Florida: NASA’s OSIRIS-REx spacecraft has its destination in its sights. On August 17, the probe took its first images of the asteroid 101955 Bennu, marking the beginning of the spacecraft’s approach after a nearly two-year space voyage.
The asteroid, just 500 meters wide, appears as a small bright dot moving against a starry background. Taking these images reassured the team that all the spacecraft’s navigation systems work, and that the asteroid was where the team thought it was.
OSIRIS-REx snapped the pictures from a distance of 2,186,228 kilometers, the closest-up images yet. When the asteroid was discovered in September 1999, it was 2,204,008 kilometers from Earth.
Over the next five years, OSIRIS-REx will map the asteroid’s surface, measure its gravity and pick up a sample of Bennu’s surface dust and send it back to Earth.
The asteroid sample is expected to return to Earth via free fall from space, until it reaches an altitude of 20.8 miles (33.5 km), when a first parachute will deploy. At 1.9 miles (3 km), the main parachute will be released, bringing the capsule with its precious cargo from Bennu in for a soft landing in the Utah desert on September 24, 2023.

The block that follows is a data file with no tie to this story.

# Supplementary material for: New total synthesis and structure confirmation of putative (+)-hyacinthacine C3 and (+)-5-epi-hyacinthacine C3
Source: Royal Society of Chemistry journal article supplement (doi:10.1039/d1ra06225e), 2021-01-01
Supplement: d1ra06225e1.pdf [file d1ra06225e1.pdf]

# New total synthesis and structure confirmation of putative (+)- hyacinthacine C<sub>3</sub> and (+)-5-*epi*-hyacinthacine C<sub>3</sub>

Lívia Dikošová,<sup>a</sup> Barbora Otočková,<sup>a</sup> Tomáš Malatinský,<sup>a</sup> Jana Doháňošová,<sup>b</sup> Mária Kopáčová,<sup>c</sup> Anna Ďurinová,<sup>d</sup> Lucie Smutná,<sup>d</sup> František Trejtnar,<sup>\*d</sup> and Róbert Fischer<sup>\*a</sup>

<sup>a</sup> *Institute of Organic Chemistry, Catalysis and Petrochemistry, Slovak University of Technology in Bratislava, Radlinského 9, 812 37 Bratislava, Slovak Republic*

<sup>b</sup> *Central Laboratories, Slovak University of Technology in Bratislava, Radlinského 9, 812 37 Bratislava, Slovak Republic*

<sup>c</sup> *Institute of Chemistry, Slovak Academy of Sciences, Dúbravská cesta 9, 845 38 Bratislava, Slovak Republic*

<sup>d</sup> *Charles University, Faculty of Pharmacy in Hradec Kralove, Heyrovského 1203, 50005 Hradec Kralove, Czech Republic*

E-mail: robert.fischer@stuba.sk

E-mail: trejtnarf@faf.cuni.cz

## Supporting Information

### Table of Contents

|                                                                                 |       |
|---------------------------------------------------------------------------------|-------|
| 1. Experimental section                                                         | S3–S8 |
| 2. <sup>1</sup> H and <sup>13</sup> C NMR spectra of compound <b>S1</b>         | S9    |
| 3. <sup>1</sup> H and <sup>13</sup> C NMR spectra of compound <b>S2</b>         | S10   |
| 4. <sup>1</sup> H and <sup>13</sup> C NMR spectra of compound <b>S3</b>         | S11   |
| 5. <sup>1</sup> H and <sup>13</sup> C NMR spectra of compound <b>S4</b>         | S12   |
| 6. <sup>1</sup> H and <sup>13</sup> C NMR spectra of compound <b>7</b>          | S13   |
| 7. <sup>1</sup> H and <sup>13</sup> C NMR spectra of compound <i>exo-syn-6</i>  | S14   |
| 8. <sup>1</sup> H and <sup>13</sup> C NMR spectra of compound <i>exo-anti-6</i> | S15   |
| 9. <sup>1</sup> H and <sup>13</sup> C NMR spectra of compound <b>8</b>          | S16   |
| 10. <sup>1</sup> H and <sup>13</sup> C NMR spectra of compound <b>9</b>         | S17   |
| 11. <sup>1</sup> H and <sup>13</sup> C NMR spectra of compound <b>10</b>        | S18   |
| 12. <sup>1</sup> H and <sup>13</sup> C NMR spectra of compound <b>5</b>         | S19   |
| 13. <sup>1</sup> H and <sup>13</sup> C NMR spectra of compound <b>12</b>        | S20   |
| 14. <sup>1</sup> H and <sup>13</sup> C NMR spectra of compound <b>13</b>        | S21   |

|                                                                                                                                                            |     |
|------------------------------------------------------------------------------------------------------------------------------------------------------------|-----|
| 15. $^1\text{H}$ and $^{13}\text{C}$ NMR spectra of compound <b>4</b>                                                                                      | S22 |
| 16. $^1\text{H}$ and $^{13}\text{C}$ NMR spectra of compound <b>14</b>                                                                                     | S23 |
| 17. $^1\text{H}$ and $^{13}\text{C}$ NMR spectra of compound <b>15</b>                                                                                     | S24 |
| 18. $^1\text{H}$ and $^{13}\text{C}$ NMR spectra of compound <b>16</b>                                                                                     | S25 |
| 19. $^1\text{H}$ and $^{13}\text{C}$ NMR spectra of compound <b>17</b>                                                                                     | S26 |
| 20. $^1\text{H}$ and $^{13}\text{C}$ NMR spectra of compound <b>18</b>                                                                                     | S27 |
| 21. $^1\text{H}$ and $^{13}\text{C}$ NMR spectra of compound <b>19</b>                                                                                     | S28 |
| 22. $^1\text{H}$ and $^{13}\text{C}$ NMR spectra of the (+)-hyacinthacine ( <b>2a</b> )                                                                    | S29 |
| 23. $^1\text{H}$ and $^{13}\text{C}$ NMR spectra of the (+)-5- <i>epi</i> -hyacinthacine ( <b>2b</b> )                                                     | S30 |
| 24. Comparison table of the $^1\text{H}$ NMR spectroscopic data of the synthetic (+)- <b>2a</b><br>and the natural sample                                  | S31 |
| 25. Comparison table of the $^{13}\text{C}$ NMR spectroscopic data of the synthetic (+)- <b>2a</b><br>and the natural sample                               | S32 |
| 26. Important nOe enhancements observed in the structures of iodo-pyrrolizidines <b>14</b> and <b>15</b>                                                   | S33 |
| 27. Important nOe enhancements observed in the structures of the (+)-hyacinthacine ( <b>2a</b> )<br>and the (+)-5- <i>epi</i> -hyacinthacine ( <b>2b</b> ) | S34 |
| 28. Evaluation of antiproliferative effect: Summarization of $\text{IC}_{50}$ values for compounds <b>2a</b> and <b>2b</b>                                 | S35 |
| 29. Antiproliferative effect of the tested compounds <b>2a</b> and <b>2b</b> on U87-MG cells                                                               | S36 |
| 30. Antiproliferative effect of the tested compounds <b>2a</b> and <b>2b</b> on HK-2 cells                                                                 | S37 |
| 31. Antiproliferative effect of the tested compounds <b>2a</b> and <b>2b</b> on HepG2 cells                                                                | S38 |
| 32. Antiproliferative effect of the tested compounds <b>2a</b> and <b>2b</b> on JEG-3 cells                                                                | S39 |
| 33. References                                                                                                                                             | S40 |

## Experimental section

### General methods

On the other hand, a separate asteroid from a Japanese mission called Hayabusa2 will help reveal details of the early solar system and the origins of life and water on Earth.
Scientists also hope studying Bennu from afar and up close will help figure out what to do if an asteroid seems to be on a collision course with Earth.
That’s not an implausible scenario: Bennu is categorized as a potentially hazardous asteroid, and astronomers say it poses a slight risk — a one in 2,700 chances — of colliding with Earth in 2135.
It is also a carbon-rich asteroid, the kind of cosmic body that may have delivered life-giving materials to Earth billions of years ago.